The Great Migration Research Paper

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The Great Migration brought about a massive redistribution of the African American population throughout the United States. It transformed black ways of life, art, and institutions, as well as the demographics and cultures of many American cities.
During World War I there was a great migration north by southern Negroes See page for author [Public domain], via Wikimedia Commons
In the late nineteenth century, following Reconstruction, thousands of black southerners migrated to other regions of the country, seeking a better life. A majority of these migrants moved to rural areas and continued to work in agriculture. These early population shifts were decidedly different from the Great Migration of the 1920s, which involved much larger numbers
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World War I brought about labor shortages in the North as the supply of European immigrant labor decreased along with the native-born white male labor force after the United States entered the war in 1917. Job opportunities previously closed to African Americans thus opened, and many black southerners moved to northern cities for work. The Immigration Acts of 1921 and 1924 restricted immigration, particularly from southern and eastern Europe, further stimulating the demand for labor and quickening the Great Migration.
By 1920, black southerners were hearing firsthand from earlier migrants and from black newspapers about jobs, salaries, and living conditions in the North that were far superior to those in the South. As a result, around one million African Americans moved north during the 1920s, causing black population explosions in many urban centers. Between 1920 and 1930, the black population in Detroit grew by nearly 300 percent, in New York by 115 percent, and in Chicago by 114 percent. By 1930, more than 20 percent of the country’s black population lived in the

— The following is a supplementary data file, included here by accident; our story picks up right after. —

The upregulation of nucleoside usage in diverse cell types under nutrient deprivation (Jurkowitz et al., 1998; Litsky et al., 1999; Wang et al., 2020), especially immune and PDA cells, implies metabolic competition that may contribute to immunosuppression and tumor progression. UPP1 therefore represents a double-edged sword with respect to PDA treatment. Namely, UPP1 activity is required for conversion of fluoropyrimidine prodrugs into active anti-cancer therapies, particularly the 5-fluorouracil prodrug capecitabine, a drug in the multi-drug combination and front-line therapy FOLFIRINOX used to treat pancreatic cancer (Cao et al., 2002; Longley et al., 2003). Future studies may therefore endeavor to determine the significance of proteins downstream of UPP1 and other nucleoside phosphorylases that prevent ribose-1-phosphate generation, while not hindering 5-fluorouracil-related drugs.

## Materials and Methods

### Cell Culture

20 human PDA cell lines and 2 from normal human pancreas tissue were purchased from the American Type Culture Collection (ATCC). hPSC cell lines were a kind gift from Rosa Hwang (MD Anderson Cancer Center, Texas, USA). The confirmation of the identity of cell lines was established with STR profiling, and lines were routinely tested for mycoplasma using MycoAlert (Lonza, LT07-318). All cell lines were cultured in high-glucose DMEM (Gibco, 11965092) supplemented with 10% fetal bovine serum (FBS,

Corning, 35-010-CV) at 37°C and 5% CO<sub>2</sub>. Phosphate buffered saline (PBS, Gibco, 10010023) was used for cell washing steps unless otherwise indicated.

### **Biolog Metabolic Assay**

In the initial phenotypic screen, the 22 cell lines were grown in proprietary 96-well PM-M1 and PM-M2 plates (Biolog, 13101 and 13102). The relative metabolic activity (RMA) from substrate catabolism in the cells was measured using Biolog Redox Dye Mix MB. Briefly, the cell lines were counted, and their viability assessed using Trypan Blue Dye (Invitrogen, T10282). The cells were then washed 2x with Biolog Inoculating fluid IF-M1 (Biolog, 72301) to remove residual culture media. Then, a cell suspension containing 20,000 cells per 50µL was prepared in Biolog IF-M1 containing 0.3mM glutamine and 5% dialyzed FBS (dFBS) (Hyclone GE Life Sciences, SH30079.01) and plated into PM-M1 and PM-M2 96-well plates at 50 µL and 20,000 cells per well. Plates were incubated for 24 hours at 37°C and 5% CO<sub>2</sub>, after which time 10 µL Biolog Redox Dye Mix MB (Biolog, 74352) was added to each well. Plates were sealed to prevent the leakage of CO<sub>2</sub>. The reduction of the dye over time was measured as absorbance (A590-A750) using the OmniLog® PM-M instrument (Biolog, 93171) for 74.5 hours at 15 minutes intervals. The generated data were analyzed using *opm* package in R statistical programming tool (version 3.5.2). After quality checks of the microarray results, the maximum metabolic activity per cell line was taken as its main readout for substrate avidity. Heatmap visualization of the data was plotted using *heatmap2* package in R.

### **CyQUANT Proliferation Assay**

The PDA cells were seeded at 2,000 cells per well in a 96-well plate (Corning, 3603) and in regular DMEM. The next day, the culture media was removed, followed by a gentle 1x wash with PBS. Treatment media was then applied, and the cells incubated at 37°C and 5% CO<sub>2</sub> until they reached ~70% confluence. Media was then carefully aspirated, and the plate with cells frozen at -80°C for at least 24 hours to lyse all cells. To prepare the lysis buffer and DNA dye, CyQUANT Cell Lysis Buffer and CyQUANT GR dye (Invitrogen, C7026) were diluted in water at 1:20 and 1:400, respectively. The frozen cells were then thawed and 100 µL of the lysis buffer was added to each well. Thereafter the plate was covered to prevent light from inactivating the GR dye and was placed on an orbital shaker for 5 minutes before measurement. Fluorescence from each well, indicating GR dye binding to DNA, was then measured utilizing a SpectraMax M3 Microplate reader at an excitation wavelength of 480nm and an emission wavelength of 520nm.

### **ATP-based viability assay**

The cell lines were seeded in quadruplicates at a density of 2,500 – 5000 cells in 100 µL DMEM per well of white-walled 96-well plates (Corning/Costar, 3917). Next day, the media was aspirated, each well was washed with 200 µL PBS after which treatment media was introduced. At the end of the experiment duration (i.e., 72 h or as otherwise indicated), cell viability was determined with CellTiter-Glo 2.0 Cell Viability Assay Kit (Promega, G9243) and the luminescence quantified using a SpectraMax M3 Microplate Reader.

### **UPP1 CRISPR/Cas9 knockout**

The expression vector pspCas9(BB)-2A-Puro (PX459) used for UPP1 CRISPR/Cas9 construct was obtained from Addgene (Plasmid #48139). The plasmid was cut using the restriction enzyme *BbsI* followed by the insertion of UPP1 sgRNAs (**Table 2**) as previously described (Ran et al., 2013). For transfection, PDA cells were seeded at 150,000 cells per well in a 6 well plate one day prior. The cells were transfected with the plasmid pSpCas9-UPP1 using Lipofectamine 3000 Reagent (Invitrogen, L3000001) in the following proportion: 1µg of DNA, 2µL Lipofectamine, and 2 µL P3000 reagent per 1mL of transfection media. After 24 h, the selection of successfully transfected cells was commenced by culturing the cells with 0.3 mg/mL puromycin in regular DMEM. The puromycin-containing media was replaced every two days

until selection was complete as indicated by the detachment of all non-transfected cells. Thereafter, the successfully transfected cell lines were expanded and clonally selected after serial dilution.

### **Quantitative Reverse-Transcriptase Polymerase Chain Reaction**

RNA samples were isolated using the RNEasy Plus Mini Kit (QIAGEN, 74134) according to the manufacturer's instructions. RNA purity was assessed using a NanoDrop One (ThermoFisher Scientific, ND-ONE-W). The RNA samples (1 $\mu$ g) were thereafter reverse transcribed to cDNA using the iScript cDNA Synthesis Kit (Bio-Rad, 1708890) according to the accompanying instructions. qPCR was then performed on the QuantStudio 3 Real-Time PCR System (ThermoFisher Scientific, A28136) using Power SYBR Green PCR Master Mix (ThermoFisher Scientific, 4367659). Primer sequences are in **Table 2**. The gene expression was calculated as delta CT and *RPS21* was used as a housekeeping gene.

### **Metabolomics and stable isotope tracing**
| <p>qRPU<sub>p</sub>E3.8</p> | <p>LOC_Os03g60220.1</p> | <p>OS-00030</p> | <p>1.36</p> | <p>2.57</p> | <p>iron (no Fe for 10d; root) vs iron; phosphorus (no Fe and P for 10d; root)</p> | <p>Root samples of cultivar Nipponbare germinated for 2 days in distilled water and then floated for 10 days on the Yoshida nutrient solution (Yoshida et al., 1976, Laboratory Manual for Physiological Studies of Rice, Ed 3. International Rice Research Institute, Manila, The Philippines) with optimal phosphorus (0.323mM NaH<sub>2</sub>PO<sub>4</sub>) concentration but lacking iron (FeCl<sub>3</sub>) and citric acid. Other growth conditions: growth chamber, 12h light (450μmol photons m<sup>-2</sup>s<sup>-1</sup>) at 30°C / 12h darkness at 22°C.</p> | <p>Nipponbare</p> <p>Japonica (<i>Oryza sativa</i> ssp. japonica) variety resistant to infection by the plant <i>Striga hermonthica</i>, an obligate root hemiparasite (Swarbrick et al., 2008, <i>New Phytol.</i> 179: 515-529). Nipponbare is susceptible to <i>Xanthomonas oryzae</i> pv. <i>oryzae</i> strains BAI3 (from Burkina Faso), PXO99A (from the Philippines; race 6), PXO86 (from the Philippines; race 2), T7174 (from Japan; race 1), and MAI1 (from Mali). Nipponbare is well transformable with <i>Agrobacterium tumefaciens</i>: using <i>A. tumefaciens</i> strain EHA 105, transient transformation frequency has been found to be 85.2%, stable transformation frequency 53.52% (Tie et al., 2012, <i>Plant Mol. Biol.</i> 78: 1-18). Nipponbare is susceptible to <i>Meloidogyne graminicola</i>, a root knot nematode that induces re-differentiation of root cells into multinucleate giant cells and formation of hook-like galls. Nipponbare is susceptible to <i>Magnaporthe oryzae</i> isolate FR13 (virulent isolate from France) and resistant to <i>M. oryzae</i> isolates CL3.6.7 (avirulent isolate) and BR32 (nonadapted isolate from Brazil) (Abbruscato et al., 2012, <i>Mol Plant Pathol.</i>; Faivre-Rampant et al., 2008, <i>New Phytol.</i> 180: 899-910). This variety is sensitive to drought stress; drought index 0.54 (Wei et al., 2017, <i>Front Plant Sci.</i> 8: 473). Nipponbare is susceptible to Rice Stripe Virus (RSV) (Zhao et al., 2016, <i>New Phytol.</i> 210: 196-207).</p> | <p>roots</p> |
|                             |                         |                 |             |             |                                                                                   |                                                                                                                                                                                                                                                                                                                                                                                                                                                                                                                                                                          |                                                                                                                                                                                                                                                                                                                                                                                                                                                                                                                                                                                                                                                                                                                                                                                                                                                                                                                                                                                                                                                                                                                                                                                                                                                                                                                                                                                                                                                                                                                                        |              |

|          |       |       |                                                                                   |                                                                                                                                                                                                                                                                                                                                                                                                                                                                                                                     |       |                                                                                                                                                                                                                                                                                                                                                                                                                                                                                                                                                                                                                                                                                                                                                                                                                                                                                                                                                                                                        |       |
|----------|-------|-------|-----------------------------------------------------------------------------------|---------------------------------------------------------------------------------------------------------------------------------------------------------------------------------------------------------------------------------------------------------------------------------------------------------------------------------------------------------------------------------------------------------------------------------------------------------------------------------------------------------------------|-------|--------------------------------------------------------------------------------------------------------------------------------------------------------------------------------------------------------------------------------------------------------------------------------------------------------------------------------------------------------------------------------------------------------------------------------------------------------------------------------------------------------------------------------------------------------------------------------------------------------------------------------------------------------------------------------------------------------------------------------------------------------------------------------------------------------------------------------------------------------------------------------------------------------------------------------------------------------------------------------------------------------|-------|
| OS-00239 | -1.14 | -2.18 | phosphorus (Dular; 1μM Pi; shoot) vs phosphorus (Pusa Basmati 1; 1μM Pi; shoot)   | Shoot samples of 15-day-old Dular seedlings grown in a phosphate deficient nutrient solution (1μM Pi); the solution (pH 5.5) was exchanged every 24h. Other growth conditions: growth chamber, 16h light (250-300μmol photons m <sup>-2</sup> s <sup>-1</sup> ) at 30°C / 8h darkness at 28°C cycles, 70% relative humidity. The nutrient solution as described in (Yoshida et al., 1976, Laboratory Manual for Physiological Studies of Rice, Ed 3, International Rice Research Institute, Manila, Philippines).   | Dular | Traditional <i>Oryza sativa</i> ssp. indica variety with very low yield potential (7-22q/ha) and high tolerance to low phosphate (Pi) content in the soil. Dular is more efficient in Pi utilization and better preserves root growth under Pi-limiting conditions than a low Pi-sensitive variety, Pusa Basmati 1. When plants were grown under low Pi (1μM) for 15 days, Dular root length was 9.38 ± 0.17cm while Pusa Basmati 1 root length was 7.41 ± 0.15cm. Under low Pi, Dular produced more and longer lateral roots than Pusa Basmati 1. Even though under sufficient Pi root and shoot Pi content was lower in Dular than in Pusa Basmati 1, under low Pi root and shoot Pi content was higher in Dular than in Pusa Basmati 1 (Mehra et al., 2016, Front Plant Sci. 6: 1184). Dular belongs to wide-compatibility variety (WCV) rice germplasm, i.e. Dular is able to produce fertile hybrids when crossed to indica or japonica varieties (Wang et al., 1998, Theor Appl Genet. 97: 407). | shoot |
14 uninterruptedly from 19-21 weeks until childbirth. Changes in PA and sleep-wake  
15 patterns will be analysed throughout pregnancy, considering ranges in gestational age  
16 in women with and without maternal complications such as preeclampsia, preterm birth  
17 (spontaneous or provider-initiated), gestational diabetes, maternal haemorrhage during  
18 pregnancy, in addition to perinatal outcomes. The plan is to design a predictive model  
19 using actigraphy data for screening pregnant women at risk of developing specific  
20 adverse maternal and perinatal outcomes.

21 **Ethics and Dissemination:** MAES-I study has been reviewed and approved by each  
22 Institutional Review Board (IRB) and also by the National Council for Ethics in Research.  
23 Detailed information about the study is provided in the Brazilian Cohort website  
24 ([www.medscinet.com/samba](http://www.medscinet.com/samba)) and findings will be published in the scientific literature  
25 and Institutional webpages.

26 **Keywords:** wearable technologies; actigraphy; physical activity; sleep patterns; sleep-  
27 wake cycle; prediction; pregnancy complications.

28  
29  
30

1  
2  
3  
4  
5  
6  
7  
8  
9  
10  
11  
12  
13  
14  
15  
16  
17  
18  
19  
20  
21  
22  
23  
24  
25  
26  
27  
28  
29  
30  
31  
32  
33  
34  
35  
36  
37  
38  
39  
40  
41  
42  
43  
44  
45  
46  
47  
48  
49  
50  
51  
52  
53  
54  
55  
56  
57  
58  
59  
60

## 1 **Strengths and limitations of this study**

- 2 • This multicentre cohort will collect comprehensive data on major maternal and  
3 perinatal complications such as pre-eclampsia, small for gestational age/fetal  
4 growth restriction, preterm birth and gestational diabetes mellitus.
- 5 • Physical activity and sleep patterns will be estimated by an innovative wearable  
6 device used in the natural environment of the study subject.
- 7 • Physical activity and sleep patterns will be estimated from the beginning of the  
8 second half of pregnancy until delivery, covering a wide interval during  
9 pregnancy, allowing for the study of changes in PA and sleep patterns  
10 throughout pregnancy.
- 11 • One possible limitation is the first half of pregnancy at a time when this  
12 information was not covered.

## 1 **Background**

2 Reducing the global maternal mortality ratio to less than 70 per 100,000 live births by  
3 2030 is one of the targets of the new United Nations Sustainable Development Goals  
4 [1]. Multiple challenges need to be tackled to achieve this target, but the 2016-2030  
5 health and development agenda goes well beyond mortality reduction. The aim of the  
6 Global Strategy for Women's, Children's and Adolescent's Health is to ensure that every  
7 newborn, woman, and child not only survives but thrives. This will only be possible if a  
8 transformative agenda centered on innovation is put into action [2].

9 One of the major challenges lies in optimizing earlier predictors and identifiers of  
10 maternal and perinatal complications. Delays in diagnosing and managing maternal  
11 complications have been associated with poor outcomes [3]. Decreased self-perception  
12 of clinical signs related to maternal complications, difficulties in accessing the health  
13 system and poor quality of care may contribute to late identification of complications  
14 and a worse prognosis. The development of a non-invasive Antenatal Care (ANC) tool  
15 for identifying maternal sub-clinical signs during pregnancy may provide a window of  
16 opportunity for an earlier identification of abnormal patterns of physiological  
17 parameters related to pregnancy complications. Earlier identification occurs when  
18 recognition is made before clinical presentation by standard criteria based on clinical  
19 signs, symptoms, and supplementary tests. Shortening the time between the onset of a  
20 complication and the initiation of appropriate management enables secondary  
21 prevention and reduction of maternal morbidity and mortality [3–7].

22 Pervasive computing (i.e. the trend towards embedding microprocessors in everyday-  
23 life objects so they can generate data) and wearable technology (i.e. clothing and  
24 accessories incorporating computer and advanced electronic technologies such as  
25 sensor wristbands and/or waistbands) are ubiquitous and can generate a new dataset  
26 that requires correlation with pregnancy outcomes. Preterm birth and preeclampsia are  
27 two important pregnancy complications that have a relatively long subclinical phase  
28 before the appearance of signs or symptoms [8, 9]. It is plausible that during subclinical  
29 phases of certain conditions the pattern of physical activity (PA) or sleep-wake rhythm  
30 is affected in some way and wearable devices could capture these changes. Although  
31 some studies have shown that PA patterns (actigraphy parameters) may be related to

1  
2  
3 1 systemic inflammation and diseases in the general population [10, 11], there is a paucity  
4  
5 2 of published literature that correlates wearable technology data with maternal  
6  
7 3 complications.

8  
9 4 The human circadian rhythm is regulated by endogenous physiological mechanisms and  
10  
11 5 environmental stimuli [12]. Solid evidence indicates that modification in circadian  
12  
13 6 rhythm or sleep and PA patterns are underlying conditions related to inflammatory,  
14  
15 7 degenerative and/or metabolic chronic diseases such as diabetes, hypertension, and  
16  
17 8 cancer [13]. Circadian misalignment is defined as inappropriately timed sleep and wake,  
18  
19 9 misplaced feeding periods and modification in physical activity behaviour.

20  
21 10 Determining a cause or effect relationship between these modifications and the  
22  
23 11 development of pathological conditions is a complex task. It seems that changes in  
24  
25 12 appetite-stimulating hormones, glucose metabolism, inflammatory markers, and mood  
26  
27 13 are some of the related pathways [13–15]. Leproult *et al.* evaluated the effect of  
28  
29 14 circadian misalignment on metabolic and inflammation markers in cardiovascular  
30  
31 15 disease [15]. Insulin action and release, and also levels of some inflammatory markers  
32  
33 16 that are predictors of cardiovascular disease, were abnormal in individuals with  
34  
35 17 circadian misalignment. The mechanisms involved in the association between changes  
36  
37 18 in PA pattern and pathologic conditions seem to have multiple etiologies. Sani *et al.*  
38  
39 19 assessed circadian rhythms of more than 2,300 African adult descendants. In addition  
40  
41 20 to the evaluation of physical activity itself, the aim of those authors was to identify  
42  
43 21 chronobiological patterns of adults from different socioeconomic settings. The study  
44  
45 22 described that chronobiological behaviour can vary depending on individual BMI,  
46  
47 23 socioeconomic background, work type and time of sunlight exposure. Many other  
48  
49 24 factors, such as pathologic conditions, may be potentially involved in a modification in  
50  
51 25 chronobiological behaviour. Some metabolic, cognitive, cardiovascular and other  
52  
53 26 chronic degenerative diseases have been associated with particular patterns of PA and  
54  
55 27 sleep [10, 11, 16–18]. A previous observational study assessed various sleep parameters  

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Black Protest and the Great Migration: A Brief History with Documents. New York: Bedford/St. Martin’s, 2002. Analyzes the causes of the Great Migration and the origins of black political organization using period publications.
Harrison, Alferdteen. Black Exodus: The Great Migration from the American South. Jackson: University of Mississippi Press, 1992. Focuses on the cultural and socioeconomic effects on both the areas of origin and destination.
Sernett, Milton C. Bound for the Promised Land: African American Religion and the Great Migration. Durham, N.C.: Duke University Press Books, 1997. Explores the role of the Great Migration in transforming black churches into centers for social activism.
Trotter, Joe William Jr., ed. The Great Migration in Historical Perspective: New Dimensions of Race, Class, and Gender. Bloomington: Indiana University Press, 1991. A collection of essays examining the role of black social networks in spurring the exodus from the South.
Wilkerson, Isabel. The Warmth of Other Suns: The Epic Story of America’s Great Migration. New York: Random, 2010. Discusses the history of the Great Migration through the stories of a number of individual African Americans who made the
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